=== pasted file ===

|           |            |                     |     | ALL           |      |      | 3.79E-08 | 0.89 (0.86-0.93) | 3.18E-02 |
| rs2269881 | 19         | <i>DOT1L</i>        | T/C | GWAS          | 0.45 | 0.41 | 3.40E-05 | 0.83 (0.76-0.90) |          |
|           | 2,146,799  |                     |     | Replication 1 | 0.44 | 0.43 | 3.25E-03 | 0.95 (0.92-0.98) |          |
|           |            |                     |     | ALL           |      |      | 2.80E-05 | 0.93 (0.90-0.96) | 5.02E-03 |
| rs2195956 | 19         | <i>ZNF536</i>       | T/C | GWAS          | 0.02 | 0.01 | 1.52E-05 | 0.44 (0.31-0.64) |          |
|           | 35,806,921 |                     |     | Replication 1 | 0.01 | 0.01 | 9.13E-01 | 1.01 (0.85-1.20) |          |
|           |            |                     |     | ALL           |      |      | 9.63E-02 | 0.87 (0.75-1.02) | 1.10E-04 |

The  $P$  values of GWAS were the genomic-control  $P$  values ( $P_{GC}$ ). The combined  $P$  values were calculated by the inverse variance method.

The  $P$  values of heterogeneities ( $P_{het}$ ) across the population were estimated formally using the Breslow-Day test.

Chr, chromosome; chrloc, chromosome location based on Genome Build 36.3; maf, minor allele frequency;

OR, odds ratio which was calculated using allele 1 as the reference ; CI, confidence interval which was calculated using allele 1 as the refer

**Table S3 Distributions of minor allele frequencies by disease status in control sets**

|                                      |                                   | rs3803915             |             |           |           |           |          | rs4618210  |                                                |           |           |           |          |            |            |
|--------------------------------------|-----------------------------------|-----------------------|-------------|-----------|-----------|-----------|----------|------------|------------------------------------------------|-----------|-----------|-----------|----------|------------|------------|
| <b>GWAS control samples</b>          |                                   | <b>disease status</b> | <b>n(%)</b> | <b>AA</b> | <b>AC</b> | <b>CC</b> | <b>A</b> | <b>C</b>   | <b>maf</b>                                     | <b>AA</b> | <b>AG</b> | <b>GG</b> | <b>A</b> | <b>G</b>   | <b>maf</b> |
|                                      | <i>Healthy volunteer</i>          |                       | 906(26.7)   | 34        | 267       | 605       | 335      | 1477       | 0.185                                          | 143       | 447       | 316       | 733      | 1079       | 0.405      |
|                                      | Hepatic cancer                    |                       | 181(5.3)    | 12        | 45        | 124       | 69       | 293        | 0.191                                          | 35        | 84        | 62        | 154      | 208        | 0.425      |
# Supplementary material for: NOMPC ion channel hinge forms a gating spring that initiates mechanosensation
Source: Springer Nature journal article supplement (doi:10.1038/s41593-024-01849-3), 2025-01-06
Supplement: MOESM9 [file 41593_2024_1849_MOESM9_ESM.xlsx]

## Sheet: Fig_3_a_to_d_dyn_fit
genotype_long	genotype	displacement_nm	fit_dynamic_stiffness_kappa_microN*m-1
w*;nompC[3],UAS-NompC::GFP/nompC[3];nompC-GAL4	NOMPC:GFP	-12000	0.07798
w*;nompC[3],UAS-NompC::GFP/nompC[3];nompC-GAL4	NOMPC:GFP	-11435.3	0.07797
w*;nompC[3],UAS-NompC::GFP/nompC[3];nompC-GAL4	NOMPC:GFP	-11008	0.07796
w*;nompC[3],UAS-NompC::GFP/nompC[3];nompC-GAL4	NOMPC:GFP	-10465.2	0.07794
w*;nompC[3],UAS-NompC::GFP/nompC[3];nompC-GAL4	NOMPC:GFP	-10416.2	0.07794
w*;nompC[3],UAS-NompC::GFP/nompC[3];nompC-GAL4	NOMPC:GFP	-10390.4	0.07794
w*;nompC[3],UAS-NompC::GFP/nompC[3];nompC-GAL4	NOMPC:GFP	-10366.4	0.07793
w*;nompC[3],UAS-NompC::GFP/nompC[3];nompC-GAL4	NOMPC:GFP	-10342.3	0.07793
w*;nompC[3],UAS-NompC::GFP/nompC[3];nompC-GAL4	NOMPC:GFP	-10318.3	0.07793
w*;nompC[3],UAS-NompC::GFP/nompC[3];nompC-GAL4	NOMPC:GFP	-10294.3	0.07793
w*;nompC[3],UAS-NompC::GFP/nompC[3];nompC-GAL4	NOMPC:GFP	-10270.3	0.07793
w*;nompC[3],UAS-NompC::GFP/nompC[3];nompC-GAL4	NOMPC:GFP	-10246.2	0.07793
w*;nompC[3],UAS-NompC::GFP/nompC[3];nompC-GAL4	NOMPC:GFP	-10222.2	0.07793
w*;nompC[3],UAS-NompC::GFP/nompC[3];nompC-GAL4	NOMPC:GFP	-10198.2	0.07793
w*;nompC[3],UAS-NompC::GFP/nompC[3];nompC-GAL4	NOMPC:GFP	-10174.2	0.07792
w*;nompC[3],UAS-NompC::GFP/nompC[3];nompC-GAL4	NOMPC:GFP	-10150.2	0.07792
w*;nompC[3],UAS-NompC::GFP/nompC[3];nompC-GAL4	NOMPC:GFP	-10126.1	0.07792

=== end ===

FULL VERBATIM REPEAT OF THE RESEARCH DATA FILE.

|           |            |                     |     | ALL           |      |      | 3.79E-08 | 0.89 (0.86-0.93) | 3.18E-02 |
| rs2269881 | 19         | <i>DOT1L</i>        | T/C | GWAS          | 0.45 | 0.41 | 3.40E-05 | 0.83 (0.76-0.90) |          |
|           | 2,146,799  |                     |     | Replication 1 | 0.44 | 0.43 | 3.25E-03 | 0.95 (0.92-0.98) |          |
|           |            |                     |     | ALL           |      |      | 2.80E-05 | 0.93 (0.90-0.96) | 5.02E-03 |
| rs2195956 | 19         | <i>ZNF536</i>       | T/C | GWAS          | 0.02 | 0.01 | 1.52E-05 | 0.44 (0.31-0.64) |          |
|           | 35,806,921 |                     |     | Replication 1 | 0.01 | 0.01 | 9.13E-01 | 1.01 (0.85-1.20) |          |
|           |            |                     |     | ALL           |      |      | 9.63E-02 | 0.87 (0.75-1.02) | 1.10E-04 |

The  $P$  values of GWAS were the genomic-control  $P$  values ( $P_{GC}$ ). The combined  $P$  values were calculated by the inverse variance method.

The  $P$  values of heterogeneities ( $P_{het}$ ) across the population were estimated formally using the Breslow-Day test.

Chr, chromosome; chrloc, chromosome location based on Genome Build 36.3; maf, minor allele frequency;

OR, odds ratio which was calculated using allele 1 as the reference ; CI, confidence interval which was calculated using allele 1 as the refer

**Table S3 Distributions of minor allele frequencies by disease status in control sets**

|                                      |                                   | rs3803915             |             |           |           |           |          | rs4618210  |                                                |           |           |           |          |            |            |
|--------------------------------------|-----------------------------------|-----------------------|-------------|-----------|-----------|-----------|----------|------------|------------------------------------------------|-----------|-----------|-----------|----------|------------|------------|
| <b>GWAS control samples</b>          |                                   | <b>disease status</b> | <b>n(%)</b> | <b>AA</b> | <b>AC</b> | <b>CC</b> | <b>A</b> | <b>C</b>   | <b>maf</b>                                     | <b>AA</b> | <b>AG</b> | <b>GG</b> | <b>A</b> | <b>G</b>   | <b>maf</b> |
|                                      | <i>Healthy volunteer</i>          |                       | 906(26.7)   | 34        | 267       | 605       | 335      | 1477       | 0.185                                          | 143       | 447       | 316       | 733      | 1079       | 0.405      |
|                                      | Hepatic cancer                    |                       | 181(5.3)    | 12        | 45        | 124       | 69       | 293        | 0.191                                          | 35        | 84        | 62        | 154      | 208        | 0.425      |
# Supplementary material for: NOMPC ion channel hinge forms a gating spring that initiates mechanosensation
Source: Springer Nature journal article supplement (doi:10.1038/s41593-024-01849-3), 2025-01-06
Supplement: MOESM9 [file 41593_2024_1849_MOESM9_ESM.xlsx]

## Sheet: Fig_3_a_to_d_dyn_fit
genotype_long	genotype	displacement_nm	fit_dynamic_stiffness_kappa_microN*m-1
w*;nompC[3],UAS-NompC::GFP/nompC[3];nompC-GAL4	NOMPC:GFP	-12000	0.07798
w*;nompC[3],UAS-NompC::GFP/nompC[3];nompC-GAL4	NOMPC:GFP	-11435.3	0.07797
w*;nompC[3],UAS-NompC::GFP/nompC[3];nompC-GAL4	NOMPC:GFP	-11008	0.07796
w*;nompC[3],UAS-NompC::GFP/nompC[3];nompC-GAL4	NOMPC:GFP	-10465.2	0.07794
w*;nompC[3],UAS-NompC::GFP/nompC[3];nompC-GAL4	NOMPC:GFP	-10416.2	0.07794
w*;nompC[3],UAS-NompC::GFP/nompC[3];nompC-GAL4	NOMPC:GFP	-10390.4	0.07794
w*;nompC[3],UAS-NompC::GFP/nompC[3];nompC-GAL4	NOMPC:GFP	-10366.4	0.07793
w*;nompC[3],UAS-NompC::GFP/nompC[3];nompC-GAL4	NOMPC:GFP	-10342.3	0.07793
w*;nompC[3],UAS-NompC::GFP/nompC[3];nompC-GAL4	NOMPC:GFP	-10318.3	0.07793
w*;nompC[3],UAS-NompC::GFP/nompC[3];nompC-GAL4	NOMPC:GFP	-10294.3	0.07793
w*;nompC[3],UAS-NompC::GFP/nompC[3];nompC-GAL4	NOMPC:GFP	-10270.3	0.07793
w*;nompC[3],UAS-NompC::GFP/nompC[3];nompC-GAL4	NOMPC:GFP	-10246.2	0.07793
w*;nompC[3],UAS-NompC::GFP/nompC[3];nompC-GAL4	NOMPC:GFP	-10222.2	0.07793
w*;nompC[3],UAS-NompC::GFP/nompC[3];nompC-GAL4	NOMPC:GFP	-10198.2	0.07793
w*;nompC[3],UAS-NompC::GFP/nompC[3];nompC-GAL4	NOMPC:GFP	-10174.2	0.07792
w*;nompC[3],UAS-NompC::GFP/nompC[3];nompC-GAL4	NOMPC:GFP	-10150.2	0.07792
w*;nompC[3],UAS-NompC::GFP/nompC[3];nompC-GAL4	NOMPC:GFP	-10126.1	0.07792